B J, II, viii, 14). This would seem to be the idea underlying the use of the word
in the New Testament where it occurs only 3 times, and then in a sense remarkably
free from sensuous suggestions.
3. Used by Christ:
Christ uses the word but once (Luke 23:43), when He said to the penitent thief,
"Today shalt thou be with me in Paradise" (see ABRAHAM'S BOSOM (compare HADES)).
This was no time to choose words with dialectical precision. The consolation needed
by the penitent thief suffering from thirst and agony and shame was such as was
symbolized by the popular conception of paradise, which, as held by the Essenes,
consisted of "habitations beyond the ocean, in a region that is neither oppressed
with storms of rain, or snow, or with intense heat, but that this place is such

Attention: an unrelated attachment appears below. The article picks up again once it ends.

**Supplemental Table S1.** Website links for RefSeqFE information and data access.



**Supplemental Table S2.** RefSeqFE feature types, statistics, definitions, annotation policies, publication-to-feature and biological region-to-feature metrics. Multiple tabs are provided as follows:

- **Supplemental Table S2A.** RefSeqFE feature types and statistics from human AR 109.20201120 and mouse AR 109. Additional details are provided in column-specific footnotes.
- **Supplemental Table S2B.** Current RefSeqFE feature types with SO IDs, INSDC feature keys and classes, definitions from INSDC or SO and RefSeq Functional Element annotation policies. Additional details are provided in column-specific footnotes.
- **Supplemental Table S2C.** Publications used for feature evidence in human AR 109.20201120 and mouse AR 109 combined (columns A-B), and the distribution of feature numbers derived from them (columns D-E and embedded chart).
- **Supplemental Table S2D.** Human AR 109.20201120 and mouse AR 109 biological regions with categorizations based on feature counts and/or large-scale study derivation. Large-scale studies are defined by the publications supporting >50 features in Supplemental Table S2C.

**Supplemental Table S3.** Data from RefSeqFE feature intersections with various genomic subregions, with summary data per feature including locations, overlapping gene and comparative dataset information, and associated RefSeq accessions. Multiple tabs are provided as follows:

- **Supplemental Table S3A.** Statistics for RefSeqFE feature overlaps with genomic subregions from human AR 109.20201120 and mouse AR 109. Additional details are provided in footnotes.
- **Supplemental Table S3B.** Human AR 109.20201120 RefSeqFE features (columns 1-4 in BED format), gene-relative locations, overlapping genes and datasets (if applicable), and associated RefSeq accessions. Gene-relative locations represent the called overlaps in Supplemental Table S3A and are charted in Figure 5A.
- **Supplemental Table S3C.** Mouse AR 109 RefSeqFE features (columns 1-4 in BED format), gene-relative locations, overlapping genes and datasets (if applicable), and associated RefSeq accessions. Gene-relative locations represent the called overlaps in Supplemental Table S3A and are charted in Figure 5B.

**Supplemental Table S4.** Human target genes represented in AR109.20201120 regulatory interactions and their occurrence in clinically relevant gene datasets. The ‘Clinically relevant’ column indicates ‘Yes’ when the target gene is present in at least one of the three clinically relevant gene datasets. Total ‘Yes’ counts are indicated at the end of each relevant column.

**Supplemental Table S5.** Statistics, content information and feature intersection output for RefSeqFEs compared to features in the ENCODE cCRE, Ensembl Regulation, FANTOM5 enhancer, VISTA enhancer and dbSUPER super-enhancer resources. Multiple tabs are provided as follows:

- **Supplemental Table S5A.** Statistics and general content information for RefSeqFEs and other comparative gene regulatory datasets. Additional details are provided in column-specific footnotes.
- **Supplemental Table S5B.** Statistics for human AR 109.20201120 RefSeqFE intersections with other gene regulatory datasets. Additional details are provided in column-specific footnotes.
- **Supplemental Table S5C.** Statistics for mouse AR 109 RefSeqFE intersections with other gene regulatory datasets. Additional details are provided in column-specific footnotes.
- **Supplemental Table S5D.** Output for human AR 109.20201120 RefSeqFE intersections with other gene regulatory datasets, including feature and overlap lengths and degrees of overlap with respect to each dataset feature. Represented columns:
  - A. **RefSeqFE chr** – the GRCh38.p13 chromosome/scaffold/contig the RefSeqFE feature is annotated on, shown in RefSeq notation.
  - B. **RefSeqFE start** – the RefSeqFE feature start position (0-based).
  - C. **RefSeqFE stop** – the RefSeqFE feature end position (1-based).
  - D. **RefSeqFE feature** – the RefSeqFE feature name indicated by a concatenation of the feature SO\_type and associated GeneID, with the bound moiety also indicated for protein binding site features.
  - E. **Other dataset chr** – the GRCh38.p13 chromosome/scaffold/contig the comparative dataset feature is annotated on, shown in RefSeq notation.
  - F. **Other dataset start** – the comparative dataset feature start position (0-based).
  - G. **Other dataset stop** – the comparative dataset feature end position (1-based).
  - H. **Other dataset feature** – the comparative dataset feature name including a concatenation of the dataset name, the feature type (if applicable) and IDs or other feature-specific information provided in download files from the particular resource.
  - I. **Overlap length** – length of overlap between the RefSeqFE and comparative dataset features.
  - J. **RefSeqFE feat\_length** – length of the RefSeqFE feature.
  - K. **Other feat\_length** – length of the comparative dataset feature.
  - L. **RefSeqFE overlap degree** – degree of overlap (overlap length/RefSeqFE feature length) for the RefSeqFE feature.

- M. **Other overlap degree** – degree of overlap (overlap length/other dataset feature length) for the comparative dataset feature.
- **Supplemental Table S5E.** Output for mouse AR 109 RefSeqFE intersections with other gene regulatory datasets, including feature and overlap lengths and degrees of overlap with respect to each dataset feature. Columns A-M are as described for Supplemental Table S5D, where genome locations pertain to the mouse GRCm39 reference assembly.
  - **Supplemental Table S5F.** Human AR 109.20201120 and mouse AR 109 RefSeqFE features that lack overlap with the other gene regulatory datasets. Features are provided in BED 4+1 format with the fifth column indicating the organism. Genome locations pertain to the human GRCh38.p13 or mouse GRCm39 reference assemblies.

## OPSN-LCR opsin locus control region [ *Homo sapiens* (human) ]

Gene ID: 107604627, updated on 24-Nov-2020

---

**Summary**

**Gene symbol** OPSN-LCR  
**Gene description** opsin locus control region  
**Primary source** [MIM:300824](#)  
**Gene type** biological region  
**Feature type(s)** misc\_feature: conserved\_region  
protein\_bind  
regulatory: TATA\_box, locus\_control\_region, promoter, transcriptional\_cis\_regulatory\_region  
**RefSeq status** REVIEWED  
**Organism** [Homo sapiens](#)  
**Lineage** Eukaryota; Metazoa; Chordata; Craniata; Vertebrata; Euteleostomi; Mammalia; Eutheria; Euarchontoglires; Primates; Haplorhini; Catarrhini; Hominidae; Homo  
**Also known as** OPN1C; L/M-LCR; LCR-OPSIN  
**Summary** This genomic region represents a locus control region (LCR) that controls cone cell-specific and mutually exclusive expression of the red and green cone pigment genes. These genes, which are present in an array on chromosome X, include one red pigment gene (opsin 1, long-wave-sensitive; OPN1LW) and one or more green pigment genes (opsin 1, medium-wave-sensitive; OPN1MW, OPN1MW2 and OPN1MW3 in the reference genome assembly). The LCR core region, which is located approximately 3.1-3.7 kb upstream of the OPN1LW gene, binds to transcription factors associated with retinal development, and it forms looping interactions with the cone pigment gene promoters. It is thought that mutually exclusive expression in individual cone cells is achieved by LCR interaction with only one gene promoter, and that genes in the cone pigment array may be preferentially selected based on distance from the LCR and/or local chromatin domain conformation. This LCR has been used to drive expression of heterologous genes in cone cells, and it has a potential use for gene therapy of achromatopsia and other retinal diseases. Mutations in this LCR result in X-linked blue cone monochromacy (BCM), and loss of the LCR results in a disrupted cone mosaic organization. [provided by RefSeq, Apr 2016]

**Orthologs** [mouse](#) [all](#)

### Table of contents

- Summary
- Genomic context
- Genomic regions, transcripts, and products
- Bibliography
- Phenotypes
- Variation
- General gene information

as is refreshed by the gentle breathin of a west wind, that is perpetually blowing
from the ocean" (Josephus, BJ, II, viii, 11).
See ESCHATOLOGY OF THE NEW TESTAMENT.
4. Other Forms and Uses:
Nowhere in His public teaching did Christ use the word "Paradise." He does indeed,
when speaking in parables, employ the figure of the marriage supper, and of new
wine, and elsewhere of Abraham's bosom, and of houses not made by hands, eternal
in the heavens; but all these references are in striking contrast to the prevailing
sensuous representations of the times (see 2 Esdras 2:19; 8:52), and such as have
been introduced into Mohammedan literature. Likewise Paul (2 Corinthians 12:4)
speaks of having been "caught up into Paradise" where he "heard unspeakable words,
which it is not lawful for a man to utter." See ESCHATOLOGY OF THE NEW TESTAMENT.
But in 2 Corinthians 12:2 this is referred to more vaguely as "the third heaven."